Bases + Faces

Jennifer Park

In 2021, the New York Mets became the first MLB team to use a facial recognition ticketing system in hopes of lowering waiting times to enter Citi Field.[1] The program uses machines powered by facial authentication software from Wicket to match participating fans’ faces against images of their faces that they upload before baseball games.[2]  About two months ago, the Philadelphia Phillies joined the Mets,[3] as well as other large organizations and venues including Madison Square Garden,[4] the Cleveland Browns,[5] and the Rose Bowl Stadium[6] in using facial recognition systems on attendees. It doesn’t seem like things will stop there; most respondents of a 2022 survey of 40 venue directors that host teams in the MLB, NBA, NHL, NFL, and MLS indicated that they would likely purchase facial recognition systems if they were able to get new screening technology to get patrons inside faster.[7]

The rapid expanse of facial recognition technology use in locations where large numbers of people assemble raises significant privacy concerns, creates chilling effects on First Amendment rights to protest, and can lead to deleterious impacts on those that belong to historically marginalized groups. Specifically, amassed facial recognition data by companies like Wicket can easily be exploited by police departments and institutions like ICE. This especially puts people of color[8] and non-cisgender[9] individuals at greater risk of being misidentified and facing wrongful arrest.

Although courts often look to the Fourth Amendment to address situations in which law enforcement may be overreaching its powers to search, the existing doctrine does not properly extend to situations in which law enforcement obtains facial recognition data from private entities.

A basic Fourth Amendment analysis of such a situation would include a question of whether the technology violates a reasonable expectation of privacy under Katz v. United States.[10] It would be unlikely that facial recognition systems used on people in public areas would be found unconstitutional because it would be difficult to argue that attendees have an expectation of privacy of their uncovered faces in public places. In the specific ticketing program at Citi Field, participants even opt in to the system by providing photos of their faces before games, thus destroying any expectation of privacy. Later cases including Riley v. California, Carpenter v. United States, and United States v. Jones have extended Fourth Amendment jurisprudence to address the threat of digital technologies, finding respectively that searching cell phones of arrested individuals, tracking a suspect's car for twenty-eight days with a GPS tracker, and collecting a suspect’s cell site location information are all considered searches that require a warrant based on probable cause.[11] However, these three cases examine a particular defendant’s right to privacy against a technology, while surveillance technology like facial recognition affect the rights of a mass of individuals.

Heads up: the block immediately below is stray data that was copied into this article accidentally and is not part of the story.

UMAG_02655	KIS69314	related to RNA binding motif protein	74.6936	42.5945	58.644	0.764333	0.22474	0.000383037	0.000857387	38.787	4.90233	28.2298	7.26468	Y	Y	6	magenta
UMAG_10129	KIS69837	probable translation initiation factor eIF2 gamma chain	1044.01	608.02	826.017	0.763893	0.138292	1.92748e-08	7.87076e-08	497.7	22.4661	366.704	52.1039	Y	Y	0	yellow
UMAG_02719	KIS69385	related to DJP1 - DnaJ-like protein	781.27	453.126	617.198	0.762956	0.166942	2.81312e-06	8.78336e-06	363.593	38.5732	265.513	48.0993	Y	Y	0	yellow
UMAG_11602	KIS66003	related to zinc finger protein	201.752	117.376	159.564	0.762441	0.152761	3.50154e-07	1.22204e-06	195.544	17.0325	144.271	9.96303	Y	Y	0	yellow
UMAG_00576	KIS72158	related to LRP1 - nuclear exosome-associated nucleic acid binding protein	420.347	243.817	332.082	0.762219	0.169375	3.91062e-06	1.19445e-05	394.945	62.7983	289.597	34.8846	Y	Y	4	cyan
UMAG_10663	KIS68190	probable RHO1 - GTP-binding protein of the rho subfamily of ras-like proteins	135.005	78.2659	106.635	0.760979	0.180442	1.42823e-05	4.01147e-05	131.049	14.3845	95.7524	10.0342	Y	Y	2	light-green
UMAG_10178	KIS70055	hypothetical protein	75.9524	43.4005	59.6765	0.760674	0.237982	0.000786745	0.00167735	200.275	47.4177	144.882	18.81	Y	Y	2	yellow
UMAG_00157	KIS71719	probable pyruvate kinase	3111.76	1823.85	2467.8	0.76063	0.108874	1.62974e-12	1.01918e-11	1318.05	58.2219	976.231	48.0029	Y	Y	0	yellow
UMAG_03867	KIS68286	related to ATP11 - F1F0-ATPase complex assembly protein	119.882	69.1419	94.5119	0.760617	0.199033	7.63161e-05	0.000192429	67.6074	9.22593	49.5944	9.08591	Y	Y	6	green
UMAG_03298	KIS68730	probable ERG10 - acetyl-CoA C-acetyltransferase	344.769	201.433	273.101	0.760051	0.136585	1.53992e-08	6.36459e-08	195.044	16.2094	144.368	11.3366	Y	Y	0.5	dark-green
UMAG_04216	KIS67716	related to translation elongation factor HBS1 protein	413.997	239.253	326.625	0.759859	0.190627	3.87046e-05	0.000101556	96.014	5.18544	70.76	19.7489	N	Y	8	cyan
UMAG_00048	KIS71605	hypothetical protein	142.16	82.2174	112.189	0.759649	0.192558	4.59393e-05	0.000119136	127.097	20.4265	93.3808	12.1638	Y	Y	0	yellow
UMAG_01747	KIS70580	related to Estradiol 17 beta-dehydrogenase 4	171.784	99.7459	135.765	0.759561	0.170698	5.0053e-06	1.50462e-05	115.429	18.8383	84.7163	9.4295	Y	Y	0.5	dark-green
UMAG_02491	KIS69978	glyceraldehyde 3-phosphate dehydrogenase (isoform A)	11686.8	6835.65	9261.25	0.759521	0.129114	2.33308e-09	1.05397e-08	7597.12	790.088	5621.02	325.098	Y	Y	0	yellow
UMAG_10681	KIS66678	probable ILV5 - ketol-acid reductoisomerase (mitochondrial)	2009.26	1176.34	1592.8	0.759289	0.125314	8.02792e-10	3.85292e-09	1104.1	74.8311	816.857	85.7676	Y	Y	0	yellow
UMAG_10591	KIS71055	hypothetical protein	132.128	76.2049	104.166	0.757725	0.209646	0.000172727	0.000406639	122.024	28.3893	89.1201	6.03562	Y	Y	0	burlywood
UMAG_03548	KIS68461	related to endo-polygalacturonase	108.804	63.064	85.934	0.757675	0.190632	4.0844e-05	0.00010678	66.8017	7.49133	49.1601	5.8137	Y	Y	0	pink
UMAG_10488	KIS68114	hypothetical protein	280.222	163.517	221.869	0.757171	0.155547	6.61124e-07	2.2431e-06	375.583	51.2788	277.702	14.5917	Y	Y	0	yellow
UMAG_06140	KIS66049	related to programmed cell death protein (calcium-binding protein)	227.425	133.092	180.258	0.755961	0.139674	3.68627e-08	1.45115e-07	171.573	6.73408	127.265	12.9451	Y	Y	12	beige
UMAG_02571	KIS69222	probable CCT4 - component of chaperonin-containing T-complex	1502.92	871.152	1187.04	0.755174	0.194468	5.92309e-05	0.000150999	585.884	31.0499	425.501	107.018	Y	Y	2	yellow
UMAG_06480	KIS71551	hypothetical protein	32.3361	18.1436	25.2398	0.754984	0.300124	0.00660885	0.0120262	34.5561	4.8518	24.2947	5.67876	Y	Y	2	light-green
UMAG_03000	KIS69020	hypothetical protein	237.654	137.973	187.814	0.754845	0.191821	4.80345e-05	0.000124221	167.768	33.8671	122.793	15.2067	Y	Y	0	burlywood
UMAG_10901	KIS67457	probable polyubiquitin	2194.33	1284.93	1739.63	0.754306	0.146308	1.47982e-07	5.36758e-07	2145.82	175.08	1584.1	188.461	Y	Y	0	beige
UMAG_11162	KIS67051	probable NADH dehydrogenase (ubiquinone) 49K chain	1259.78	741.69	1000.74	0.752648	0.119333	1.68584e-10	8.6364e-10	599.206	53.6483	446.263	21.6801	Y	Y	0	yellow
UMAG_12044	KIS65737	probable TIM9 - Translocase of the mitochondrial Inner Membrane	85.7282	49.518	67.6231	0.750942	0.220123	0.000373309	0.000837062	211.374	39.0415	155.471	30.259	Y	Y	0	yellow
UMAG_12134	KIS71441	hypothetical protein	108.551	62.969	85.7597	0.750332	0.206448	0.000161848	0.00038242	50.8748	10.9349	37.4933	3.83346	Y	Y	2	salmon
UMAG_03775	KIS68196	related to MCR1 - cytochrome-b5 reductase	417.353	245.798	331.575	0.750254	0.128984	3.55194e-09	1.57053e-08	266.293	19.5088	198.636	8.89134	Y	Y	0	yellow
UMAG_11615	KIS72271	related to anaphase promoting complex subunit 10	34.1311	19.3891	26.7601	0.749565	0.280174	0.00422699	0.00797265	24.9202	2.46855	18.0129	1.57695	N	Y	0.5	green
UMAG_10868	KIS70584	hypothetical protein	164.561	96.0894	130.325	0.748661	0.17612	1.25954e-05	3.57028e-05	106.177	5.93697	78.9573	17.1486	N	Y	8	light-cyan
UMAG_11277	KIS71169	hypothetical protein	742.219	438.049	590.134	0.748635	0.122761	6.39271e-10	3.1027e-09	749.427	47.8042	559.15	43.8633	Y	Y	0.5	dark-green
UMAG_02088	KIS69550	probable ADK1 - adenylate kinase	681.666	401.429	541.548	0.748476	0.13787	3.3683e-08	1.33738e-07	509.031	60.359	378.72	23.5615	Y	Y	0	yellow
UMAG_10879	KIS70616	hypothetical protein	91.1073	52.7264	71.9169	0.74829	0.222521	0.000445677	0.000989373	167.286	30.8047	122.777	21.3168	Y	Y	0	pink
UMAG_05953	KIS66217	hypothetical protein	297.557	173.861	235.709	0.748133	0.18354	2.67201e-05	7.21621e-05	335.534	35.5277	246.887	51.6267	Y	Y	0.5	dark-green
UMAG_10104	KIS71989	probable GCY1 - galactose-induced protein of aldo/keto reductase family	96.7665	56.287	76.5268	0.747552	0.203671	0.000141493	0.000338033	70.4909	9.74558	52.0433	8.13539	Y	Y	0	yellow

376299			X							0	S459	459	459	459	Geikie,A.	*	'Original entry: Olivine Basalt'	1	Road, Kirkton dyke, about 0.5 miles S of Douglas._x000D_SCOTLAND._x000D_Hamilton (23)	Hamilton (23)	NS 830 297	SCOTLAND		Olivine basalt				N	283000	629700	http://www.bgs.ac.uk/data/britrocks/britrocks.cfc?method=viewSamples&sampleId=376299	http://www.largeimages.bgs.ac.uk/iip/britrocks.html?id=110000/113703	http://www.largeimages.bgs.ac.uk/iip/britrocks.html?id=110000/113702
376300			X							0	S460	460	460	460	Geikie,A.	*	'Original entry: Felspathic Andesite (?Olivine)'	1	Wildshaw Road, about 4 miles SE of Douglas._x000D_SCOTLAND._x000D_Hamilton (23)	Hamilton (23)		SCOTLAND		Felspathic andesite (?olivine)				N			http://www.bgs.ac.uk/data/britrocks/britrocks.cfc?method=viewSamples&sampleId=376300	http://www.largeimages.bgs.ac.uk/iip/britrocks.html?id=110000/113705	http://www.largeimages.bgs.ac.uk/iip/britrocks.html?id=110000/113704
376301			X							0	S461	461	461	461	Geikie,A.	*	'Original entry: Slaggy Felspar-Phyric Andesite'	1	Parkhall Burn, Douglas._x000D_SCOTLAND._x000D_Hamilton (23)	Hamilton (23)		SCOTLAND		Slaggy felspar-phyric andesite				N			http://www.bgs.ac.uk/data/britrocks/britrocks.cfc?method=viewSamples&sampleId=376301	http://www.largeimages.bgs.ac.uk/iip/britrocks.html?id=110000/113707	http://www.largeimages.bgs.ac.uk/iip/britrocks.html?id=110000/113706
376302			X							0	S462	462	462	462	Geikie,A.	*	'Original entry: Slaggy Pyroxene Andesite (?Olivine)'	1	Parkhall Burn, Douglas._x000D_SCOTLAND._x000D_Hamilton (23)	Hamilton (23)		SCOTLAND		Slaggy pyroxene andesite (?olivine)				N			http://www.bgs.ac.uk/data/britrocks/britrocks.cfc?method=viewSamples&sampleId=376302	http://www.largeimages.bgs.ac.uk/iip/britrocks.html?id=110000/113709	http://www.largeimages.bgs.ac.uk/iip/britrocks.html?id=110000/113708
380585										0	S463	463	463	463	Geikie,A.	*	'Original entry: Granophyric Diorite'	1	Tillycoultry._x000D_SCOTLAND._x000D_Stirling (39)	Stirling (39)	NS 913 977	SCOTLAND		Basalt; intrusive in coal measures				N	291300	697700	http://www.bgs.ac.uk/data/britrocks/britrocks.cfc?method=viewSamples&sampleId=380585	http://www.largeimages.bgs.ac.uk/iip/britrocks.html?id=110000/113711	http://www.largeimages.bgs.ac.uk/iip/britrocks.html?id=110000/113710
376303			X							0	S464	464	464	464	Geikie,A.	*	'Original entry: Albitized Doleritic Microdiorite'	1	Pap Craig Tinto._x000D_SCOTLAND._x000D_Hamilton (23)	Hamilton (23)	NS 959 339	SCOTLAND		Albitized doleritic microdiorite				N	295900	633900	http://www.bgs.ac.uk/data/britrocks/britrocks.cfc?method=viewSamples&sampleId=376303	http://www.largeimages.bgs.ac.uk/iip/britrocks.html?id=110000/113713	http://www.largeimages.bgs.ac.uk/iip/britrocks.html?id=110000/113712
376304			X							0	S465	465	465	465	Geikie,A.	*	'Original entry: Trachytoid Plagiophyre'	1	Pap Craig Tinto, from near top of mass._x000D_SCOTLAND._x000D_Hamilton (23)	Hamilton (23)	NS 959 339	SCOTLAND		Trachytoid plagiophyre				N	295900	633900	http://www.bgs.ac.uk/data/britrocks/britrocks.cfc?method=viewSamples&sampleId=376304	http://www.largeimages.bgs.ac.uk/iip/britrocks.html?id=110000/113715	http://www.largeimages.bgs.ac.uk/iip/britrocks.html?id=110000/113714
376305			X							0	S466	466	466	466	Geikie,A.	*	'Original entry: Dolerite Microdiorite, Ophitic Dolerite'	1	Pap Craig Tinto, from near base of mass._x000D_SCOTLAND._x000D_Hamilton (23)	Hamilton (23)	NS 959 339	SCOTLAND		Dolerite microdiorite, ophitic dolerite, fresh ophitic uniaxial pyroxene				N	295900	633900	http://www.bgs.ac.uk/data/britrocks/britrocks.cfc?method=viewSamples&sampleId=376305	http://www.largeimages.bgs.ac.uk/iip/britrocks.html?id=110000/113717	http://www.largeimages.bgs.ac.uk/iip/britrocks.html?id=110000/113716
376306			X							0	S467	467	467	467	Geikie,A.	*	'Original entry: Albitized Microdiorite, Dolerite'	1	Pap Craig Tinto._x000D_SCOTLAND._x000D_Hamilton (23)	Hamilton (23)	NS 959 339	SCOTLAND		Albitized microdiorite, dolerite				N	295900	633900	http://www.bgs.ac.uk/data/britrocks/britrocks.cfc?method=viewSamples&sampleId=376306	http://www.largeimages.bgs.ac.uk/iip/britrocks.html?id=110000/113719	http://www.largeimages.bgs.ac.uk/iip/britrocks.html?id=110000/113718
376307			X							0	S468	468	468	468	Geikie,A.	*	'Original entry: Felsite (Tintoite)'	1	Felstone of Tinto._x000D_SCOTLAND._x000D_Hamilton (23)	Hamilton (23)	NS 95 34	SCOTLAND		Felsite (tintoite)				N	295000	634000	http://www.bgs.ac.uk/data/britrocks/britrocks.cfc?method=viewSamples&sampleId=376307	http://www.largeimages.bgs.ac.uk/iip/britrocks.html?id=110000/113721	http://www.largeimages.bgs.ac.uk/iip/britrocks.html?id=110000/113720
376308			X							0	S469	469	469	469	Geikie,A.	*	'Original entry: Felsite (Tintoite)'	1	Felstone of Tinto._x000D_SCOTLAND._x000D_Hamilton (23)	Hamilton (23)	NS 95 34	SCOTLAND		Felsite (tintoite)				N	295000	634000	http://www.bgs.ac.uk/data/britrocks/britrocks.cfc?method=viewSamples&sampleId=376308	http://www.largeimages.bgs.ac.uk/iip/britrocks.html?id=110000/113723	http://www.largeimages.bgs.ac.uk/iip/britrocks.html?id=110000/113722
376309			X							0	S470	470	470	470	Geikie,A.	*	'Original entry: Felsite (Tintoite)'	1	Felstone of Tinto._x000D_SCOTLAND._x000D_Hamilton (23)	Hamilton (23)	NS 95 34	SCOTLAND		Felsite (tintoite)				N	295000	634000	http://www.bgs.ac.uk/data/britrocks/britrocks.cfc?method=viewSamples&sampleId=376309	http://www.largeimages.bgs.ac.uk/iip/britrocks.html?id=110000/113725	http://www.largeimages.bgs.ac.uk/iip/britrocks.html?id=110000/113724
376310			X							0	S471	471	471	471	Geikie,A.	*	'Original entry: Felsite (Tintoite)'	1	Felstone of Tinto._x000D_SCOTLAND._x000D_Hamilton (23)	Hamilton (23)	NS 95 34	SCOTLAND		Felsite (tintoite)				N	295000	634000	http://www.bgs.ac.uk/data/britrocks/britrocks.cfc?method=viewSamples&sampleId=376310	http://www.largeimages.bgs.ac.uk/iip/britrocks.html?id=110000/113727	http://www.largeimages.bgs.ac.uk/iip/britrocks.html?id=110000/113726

To address instances in which law enforcement purchase biometric data from private entities, bills like the “Fourth Amendment Is Not For Sale Act” would require federal law enforcement to obtain a court order to close the legal loophole that allows them to purchase personal information from data brokers. Furthermore, Congress can pass federal privacy law that provides consumers with data rights to delete personal information held by corporations. To shift the burden of reducing privacy harms from consumers to companies, privacy law can also mandate corporations to practice data minimization, which would limit collection of data to only what is necessary for a requested service.

As dubbed by privacy advocacy group Surveillance Technology Oversight Project, it’s time to “steal bases, not faces.”[12]


[1] Andrew Cohen, New York Mets Expand Wicket’s Facial Recognition at Citi Field, Sports Bus. J. (Dec. 7, 2021), [] [].

[2] Id.

[3] Dan Gelston, MLB Testing Hands-Free Entry for Fans Utilizing Facial Authentication, AI Security, Associated Press (Aug. 31, 2023), [] [].

[4] Kashmir Hill & Corey Kilgannon, Madison Square Garden Uses Facial Recognition To Ban Its Owner’s Enemies, N.Y. Times (Dec. 22, 2022), [] [].

[5] Steve Maugeri, Browns Announce New Fan Features for 2023 Season, Spectrum News (Sept. 8, 2023), [] [].

[6] Donovan McCray, Rose Bowl Uses Facial Recognition Software, Pasadena Now (June 15, 2020), [] [].

[7] Stacey A. Hall & Joslyn Zale, Professional Sports Venue Security Issues, Emerging Threats, and Technology Solutions, Total Sec. Advisor (Aug. 24, 2022), [] [].

[8] Kashmir Hill, Another Arrest, and Jail Time, Due To a Bad Facial Recognition Match, N.Y. Times (Dec. 29, 2020), [] []; Joy Buolamwini & Timnit Gebru, Gender Shades: Intersectional Accuracy Disparities in Commercial Gender Classification, 81 Proceeds of Mach. Learning Rsch. 1 (2018).

[9] Rachel Mentz, AI Software Defines People as Male or Female. That’s a Problem, CNN Bus. (Nov. 21, 2019), [] [].

[10] Katz v. United States, 389 U.S. 347 (1967).

[11] Riley v. California, 573 U.S. 373 (2014); Carpenter v. United States, 138 S. Ct. 2206 (2018); United States v. Jones, 565 U.S. 400 (2012).

[12] Albert Cahn, Tell The NY Mets: Steal Bases, Not Faces!, Action Network [] [].